Pools close after swim team members fall sick
Swimming pools in Durham and Orange counties closed last weekend after swim team members tested positive for an intestinal disease, but the pools have reopened, and health officials said Thursday it’s safe for those not infected to return to the water.
Three swim team members from the two counties tested positive for Cryptosporidium (Crypto), and three more have reported symptoms and are awaiting test results.
Crypto is a disease caused by a parasite that can be transmitted from one swimmer to another in pools. It is found in fecal matter of an infected person.
The parasite can survive for days, even in a properly chlorinated pool, health official said.
Symptoms usually develop within 12 days of exposure and include watery diarrhea, stomach pain and cramps and a low fever. Other symptoms may include nausea, vomiting and dehydration.
In Durham, the city’s two heated pools – Edison Johnson Aquatic Center on Murray Avenue off Duke Street, and Campus Hills Pool near N.C. Central University – closed last weekend as a precaution. Four private pools in Durham, including two at Duke University, also closed for the weekend. The water was hyper-chlorinated and the pools reopened Monday.
In Orange County, all pools were hyper-chlorinated, and most closed for varying times until the chlorine level could return to normal, according to Stacy Shelp, public information officer for the Orange County Health Department.
All have reopened.
“It’s a nasty illness for anybody who gets it, but it’s especially dangerous for those with weakened immune systems, and then it can be life-threatening,” Shelp said. “We want to be sure we take every precaution necessary.”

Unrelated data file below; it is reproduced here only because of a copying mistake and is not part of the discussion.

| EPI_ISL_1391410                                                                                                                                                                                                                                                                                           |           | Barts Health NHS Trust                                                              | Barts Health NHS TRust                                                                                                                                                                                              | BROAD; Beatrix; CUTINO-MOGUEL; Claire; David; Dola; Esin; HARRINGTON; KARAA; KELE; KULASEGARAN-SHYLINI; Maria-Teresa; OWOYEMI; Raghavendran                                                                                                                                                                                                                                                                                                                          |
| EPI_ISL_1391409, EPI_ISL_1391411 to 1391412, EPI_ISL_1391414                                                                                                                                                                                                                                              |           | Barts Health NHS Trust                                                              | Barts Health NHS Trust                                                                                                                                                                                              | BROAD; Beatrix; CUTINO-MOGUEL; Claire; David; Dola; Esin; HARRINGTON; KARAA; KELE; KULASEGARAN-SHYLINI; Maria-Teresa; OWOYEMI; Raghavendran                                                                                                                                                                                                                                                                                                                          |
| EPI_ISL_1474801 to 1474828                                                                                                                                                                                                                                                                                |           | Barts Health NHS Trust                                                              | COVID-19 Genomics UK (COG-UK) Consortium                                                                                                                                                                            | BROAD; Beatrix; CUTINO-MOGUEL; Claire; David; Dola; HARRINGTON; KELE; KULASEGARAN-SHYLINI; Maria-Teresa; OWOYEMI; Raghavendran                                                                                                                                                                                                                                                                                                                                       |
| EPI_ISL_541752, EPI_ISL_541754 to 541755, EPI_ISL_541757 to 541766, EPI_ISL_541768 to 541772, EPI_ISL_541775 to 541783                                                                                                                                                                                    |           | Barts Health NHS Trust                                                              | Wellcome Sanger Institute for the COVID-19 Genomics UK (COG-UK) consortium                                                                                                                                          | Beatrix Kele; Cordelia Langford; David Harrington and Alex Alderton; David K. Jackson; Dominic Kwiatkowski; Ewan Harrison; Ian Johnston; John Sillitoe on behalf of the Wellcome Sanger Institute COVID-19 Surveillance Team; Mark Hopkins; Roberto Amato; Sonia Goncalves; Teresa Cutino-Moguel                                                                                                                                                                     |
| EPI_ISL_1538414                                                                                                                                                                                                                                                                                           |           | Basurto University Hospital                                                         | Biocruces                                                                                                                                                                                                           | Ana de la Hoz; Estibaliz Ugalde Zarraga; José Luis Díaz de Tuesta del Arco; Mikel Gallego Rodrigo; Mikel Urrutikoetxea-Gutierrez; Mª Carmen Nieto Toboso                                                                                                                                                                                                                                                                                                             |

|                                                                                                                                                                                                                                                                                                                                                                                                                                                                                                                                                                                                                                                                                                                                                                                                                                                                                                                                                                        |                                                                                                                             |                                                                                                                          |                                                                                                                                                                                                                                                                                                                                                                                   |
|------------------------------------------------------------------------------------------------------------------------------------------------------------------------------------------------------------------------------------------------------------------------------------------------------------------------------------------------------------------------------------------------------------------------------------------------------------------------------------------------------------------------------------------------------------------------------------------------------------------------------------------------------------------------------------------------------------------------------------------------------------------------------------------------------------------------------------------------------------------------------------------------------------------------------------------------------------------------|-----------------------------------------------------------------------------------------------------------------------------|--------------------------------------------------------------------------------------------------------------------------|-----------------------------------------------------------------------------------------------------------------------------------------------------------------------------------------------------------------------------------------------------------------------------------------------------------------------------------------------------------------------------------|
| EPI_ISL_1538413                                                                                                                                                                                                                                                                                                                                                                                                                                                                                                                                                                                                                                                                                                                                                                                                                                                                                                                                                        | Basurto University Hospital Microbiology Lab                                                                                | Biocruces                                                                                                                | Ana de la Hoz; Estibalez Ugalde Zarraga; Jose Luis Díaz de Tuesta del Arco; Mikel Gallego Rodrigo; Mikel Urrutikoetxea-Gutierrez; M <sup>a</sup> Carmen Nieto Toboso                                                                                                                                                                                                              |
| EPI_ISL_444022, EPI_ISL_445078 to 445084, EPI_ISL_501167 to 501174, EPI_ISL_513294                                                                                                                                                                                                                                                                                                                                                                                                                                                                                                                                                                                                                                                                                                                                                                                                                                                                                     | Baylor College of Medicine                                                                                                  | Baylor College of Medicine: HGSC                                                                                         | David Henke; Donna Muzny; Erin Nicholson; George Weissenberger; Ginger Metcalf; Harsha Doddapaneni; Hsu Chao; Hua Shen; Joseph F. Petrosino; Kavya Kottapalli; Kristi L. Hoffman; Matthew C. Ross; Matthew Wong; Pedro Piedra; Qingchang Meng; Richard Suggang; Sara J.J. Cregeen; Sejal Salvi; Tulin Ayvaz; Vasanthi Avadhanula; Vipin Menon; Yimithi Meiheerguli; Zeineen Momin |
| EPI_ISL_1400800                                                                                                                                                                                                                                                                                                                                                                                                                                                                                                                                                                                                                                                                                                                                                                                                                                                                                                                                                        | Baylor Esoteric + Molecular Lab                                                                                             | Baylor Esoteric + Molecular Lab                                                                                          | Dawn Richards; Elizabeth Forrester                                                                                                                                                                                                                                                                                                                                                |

She said pool managers are being asked to hyper-chlorinate their pools at least once a week from now on as a precaution. But health officials said those measure are effective only if infected swimmers don’t re-enter the pool for two weeks after their last “diarrheal event.”
Shelp said none of the Crypto cases was linked to a specific pool.
Health officials said swim team members have used different pools in two counties, so all pools were hyper-chlorinated, which normally kills the parasite.
It’s safe to go back into the pool, Shelp said, but she suggested that swimmers ask pool managers when they last hyper-chlorinated.
“We’ve asked them to issue health advisories at the pool to let swimmers know what they’ve done at that pool to make it safe,” she said.
In addition to working with pool management, letters were sent to parents and coaches of the swim teams affected informing them of the illness, preventive steps they should take and asking for compliance.